Los Angeles Angels of Anaheim v Oakland Athletics

Confession time: I don’t watch all the baseball games. I watch many, many baseball games in a given day or week, but I am somehow not capable of watching them all. This isn’t a bad thing, I assure you.

When I awoke, with an assist to my infant daughter, very early this morning, it was much to my surprise when I saw a baseball game had ended mere moments before. The Oakland Athletics and Los Angeles Angels of Anaheim decided to play NINETEEN innings on a Monday night in April, a game which featured 156 plate appearances, 597 pitches and 18 runs. A game the A’s won 10-8 on a walkoff home run by Brandon Moss.

Call me crazy but that looks like one of the most subdued walkoff celebrations I can remember. Must be the marathon game which quite obviously sucked their collective wills to live.

As the game chart shows, this was a true white knuckle ride, as the A’s came from five runs back by scoring four runs in the 8th and pushing across the tying run in the 9th. The Angels eventually went ahead in the 15th inning, only to see Oakland tie the game, prolonging the agony.

Source: FanGraphs

Speaking of agony, poor Chris Ianetta caught all 19 innings for the Angels last night. Going to go ahead an pencil Hank Conger in for the start tonight. Speaking of further agony, the Angels pitching staff isn’t exactly so “robust” as to feature the kind of depth required to absorb pitching two full games in one night and still be ready to fire tonight. At least they send Garrett Richards to the hill tonight, he of three consecutive decent starts.

Speaking of agony of the soul, this game wasn’t the only noteworthy baseball activity last night. Two of the biggest stars in the National League both suffered injury, which is not good in any way.

Washington Nationals manager Davey Johnson told reporters that Stephen Strasburg was suffering from forearm tightness during his start last night. Though it sounds innocent enough (he was treated with “medication“), it is always noteworthy when the great but brittle (narratively speaking) Strasburg suffers an arm injury.

MEANWHILE, in Miami, the Mets and Marlins decided to play themselves a marathon game, going 15 innings at Marlins Park, all but ensuring an empty stadium by the time the final pitch was thrown. What started as Matt Harvey versus Jose Fernandez ended with Shaun Marcum getting lit up in relief as Jon Rauch went three innings for the win. Of course.

The Mets squandered another strong Harvey start, albeit an inefficient one in which he threw 121 pitches in just 5.1 innings, striking out seven and coaxing 14 swinging strikes. Jose Fernandez last just four innings, walking three and surrendering a home run to John Buck because that’s just what John Buck does now – hit home runs off premium pitching.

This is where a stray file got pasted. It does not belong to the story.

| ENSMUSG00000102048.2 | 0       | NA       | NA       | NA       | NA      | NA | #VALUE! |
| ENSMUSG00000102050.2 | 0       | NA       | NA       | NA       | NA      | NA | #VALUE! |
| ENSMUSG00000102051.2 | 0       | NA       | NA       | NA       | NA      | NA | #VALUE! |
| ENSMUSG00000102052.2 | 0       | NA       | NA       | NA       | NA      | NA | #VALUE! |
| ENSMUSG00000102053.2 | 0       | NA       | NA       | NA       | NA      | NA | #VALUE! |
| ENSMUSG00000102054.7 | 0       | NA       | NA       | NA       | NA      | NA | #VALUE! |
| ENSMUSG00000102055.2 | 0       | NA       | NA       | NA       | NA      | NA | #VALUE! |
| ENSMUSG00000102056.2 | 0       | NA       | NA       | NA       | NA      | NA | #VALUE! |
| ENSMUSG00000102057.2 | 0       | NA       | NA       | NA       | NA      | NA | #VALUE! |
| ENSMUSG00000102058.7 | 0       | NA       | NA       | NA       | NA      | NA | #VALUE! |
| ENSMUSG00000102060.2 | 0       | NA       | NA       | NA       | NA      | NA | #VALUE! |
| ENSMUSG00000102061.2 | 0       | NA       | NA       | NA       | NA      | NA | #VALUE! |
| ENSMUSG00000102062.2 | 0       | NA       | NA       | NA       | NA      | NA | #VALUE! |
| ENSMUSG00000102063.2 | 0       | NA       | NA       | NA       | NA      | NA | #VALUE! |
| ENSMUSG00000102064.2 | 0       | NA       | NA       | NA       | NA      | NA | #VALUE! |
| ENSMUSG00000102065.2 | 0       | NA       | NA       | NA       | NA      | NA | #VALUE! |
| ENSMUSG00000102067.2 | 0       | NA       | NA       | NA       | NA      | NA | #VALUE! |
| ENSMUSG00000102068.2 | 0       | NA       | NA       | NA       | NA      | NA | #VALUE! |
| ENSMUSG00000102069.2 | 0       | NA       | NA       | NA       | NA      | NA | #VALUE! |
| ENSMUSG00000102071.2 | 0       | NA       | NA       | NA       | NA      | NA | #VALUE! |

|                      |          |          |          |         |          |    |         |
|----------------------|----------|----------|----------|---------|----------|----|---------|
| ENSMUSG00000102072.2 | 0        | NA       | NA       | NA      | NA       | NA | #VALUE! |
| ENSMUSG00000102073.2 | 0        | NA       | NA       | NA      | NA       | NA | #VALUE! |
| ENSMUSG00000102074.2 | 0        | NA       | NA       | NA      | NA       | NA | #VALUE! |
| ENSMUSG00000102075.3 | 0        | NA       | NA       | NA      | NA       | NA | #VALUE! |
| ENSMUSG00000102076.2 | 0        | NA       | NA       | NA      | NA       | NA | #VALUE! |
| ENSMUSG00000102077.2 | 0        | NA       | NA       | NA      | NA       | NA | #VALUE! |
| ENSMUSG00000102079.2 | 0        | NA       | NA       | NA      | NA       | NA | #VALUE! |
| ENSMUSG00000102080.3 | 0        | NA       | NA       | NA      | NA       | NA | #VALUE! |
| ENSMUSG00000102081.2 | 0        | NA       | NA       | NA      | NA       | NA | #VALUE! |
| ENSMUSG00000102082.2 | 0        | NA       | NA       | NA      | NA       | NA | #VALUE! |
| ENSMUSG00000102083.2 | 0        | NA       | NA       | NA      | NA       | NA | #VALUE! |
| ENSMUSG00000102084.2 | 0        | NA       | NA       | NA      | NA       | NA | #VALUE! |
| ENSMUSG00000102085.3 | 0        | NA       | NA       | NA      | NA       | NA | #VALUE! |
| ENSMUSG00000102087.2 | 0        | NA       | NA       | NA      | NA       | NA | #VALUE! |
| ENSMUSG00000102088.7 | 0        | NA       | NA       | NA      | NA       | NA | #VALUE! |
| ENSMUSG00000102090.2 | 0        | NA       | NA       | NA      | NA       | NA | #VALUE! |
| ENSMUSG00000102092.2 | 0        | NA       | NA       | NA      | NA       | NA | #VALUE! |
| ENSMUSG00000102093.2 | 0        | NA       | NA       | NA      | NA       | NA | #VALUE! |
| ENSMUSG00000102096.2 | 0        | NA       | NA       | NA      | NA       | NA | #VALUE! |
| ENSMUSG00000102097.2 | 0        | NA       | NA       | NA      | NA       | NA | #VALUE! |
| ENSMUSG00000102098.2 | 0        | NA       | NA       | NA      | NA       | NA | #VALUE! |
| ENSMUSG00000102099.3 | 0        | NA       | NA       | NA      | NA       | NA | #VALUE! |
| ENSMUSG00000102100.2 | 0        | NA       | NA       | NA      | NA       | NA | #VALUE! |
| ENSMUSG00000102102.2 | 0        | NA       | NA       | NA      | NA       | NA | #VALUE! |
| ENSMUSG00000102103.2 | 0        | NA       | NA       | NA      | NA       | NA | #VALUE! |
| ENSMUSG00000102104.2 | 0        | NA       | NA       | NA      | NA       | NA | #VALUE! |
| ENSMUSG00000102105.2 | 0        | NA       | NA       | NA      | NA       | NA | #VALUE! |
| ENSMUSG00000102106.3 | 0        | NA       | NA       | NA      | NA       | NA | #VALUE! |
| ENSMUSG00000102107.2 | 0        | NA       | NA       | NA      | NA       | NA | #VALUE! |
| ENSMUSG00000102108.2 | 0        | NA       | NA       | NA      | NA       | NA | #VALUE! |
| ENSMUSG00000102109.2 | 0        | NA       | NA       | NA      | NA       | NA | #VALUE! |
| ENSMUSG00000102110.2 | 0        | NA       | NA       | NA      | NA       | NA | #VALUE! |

The real story from this game was the injury suffered by Giancarlo Stanton. The Marlins slugger finally got his bat going this weekend only to pull up lame running out a swinging bunt in the tenth inning. The Marlins placed Stanton on the disabled list last night, which is pretty much the worst sentence I’ve written in 2013.

And the rest

Nolan Arenado got his big league career off to a hot start, picking up three hits in a big Rockies win, including the first home run of his career. [Denver Post]

The Blue Jays season is kinda sorta maybe over? [DJF]

In more positive injured pitcher news, Dylan Bundy doesn’t need Tommy John. [SI's Strike Zone]

Glen Perkins, hero. [Big League Stew]

More debate over the quality/efficacy of WAR. Weee. [Fangraphs]

The annual Cardinals bullpen debacle is well under way. The Cards send down Marc Rzepczynski because they need to add degrees of difficulty to everything they do. [STL Dispatch]

Comments (5)

  1. Fell asleep sometime between the 13th and 14th. I woke up to the Thanks For Watching message.

  2. Although I understand a team’s reluctance to trade a Stanton in the midst of a complete rebuild – “He’s still cheap, and we need to give the fans something to wat…oh, wait…” – I just don’t see the risk/reward ever being in their favor.

    Sure, there’s the chance that Stanton takes the leap this year to Aaron territory, thereby mitigating the loss in value of a cheap, controllable year, but is that not a marginal gain? Just how much more value could that have been?

    I’ll agree that the loss in value in the event of a down year will also be curbed due to the talent, but why take that chance? Hell, even Altuve could be had for the right price (speaking of which…second base you say…?)

    • Barring a season ending injury you would think that Stanton’s value is pretty assured and could possibly rise if he has a huge season.

      I’m more confused by the bringing up Jose Fernandez. His stuff looks awesome and he has a great backstroy (He saved his mother from drowning on his fourth escape attempt from Cuba, kids a gamer) but the problems he had last night with fastball control could presumably be fixed in the minors without the worry of service time.

  3. I’d like to thank MLB’s blackout policy from preventing me from watching the A’s/Angels’ game on my laptop while in bed. Instead of staying awake until 2 am, I fell asleep at 11 and am now functional to go to work today.

    Good job, MLB! Way to save me from myself!

  4. With the WP charts, I wonder if there is a visual correlation with heart attack/blood pressure charts. If I was watching the game, it would seem that way to me.

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